Although it has been continuously overlooked, John Linnell was the man who was probably the most successful landscape painter of his time. Ruskin once praised Linnell’s “observance of nature" as "scrupulously and minutely patient, directed by the deepest sensibility and aided by a power of drawing almost too refined for landscape subjects.”
Even now, when Turner is regarded as a genius and one of the most important figures in European art, with Constable at his elbow, Linnell is still sometimes grouped among the English also-rans, well behind his ‘unsuccessful’ protegé and son-in-law Samuel Palmer.
The three things that were most important to Linnell were his God, his family and his art, and perhaps the attentiveness with which he served the first two had its effects on the way that he and his art later came to be perceived.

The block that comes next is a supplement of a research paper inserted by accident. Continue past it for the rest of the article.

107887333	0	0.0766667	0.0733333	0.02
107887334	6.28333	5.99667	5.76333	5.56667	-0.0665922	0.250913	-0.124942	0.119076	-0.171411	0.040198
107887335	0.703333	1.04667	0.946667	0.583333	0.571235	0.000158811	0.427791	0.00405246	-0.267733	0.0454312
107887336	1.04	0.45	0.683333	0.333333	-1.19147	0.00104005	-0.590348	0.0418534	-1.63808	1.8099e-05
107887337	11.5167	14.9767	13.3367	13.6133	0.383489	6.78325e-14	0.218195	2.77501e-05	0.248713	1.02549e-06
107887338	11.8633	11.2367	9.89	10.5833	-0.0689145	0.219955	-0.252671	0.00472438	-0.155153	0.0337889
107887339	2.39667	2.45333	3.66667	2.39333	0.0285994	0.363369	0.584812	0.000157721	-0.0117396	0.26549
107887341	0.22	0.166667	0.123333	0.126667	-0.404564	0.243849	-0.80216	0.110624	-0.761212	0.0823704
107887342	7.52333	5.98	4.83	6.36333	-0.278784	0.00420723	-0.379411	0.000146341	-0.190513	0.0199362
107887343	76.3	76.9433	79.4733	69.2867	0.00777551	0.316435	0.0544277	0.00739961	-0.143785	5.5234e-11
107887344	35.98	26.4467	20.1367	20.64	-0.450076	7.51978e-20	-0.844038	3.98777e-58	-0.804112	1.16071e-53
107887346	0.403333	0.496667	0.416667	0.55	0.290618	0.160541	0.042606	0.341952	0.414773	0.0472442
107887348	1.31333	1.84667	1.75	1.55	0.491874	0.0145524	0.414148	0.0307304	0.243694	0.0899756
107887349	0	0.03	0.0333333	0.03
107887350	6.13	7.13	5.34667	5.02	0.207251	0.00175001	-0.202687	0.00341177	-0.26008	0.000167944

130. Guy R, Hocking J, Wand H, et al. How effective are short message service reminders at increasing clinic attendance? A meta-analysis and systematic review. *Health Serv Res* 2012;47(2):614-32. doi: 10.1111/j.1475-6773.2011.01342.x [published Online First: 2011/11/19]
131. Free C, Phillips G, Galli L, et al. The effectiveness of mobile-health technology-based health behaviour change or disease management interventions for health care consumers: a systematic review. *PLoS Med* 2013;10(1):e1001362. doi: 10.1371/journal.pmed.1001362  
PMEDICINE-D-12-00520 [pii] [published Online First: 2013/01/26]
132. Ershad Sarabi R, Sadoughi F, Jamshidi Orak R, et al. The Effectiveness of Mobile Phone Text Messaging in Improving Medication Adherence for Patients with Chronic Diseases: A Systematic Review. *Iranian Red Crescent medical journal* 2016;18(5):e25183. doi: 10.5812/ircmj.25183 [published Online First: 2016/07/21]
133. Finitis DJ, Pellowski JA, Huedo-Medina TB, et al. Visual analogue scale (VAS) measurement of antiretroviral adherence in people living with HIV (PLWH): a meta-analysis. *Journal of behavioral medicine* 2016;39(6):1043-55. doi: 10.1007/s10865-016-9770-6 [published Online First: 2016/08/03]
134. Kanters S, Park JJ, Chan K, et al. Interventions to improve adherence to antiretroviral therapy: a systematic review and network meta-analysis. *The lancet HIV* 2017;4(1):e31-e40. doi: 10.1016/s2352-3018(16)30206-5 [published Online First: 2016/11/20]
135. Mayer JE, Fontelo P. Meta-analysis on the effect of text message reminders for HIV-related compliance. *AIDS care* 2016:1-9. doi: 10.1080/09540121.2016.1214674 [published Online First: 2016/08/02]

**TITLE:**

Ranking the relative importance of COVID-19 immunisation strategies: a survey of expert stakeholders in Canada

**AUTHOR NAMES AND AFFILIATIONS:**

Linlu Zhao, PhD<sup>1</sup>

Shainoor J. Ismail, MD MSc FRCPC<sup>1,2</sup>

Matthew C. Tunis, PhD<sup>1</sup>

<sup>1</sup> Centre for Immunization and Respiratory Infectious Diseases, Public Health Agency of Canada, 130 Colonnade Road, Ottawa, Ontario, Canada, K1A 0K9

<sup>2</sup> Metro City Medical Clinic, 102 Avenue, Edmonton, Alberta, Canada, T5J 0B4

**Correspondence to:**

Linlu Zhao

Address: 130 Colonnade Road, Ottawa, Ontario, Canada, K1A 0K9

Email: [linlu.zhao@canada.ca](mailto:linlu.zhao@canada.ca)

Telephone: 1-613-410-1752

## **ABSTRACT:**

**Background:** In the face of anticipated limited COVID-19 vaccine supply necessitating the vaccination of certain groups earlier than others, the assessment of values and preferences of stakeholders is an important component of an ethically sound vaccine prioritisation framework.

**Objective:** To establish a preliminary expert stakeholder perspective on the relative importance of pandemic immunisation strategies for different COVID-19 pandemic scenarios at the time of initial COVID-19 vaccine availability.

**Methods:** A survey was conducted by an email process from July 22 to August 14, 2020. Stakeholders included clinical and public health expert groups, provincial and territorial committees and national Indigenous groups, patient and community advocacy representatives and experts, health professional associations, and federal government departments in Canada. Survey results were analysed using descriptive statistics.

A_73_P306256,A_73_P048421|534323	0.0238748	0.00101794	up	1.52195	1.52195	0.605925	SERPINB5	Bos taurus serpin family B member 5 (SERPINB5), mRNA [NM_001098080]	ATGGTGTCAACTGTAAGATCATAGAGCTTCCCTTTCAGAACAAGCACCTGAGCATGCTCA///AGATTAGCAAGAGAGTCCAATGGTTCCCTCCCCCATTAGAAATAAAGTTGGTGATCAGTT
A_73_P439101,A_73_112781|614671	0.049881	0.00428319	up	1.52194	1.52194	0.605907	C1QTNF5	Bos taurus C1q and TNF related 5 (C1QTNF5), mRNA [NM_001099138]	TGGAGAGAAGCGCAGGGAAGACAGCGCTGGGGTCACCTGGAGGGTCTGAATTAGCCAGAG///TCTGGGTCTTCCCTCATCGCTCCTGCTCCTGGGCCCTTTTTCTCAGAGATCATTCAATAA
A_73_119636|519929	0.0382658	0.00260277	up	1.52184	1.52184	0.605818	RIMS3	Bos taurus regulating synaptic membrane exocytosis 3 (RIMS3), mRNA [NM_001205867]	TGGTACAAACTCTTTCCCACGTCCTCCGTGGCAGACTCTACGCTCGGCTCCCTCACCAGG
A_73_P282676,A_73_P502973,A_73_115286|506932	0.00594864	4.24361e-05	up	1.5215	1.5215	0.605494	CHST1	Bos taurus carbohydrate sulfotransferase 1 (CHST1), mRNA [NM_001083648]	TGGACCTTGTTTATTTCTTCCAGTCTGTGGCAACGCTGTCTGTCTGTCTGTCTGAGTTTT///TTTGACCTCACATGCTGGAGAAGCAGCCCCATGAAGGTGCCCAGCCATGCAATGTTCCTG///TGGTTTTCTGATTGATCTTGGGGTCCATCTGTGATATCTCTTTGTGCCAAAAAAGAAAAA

Anyone who comes to know his work, the sketches, watercolours and portraits as well as the landscapes, must agree that he is indeed up among the leaders. Certainly, he never left Britain, and his subject matter remained thoroughly British – the same is true of Constable - but Linnell, like Palmer, was attuned to contemporary Continental ideas and developments, and he earned a high reputation abroad as well as at home.
Linnell died in 1882, six months short of his ninetieth birthday, by which time in Paris, the seventh of the eight Impressionist Exhibitions was in preparation. A certain ‘impressionism’ has been noted in Linnell’s mature style, but it is really a coincidental freedom in his handling, and sometimes it seems to be more a result of the pressure of success than of stylistic intention.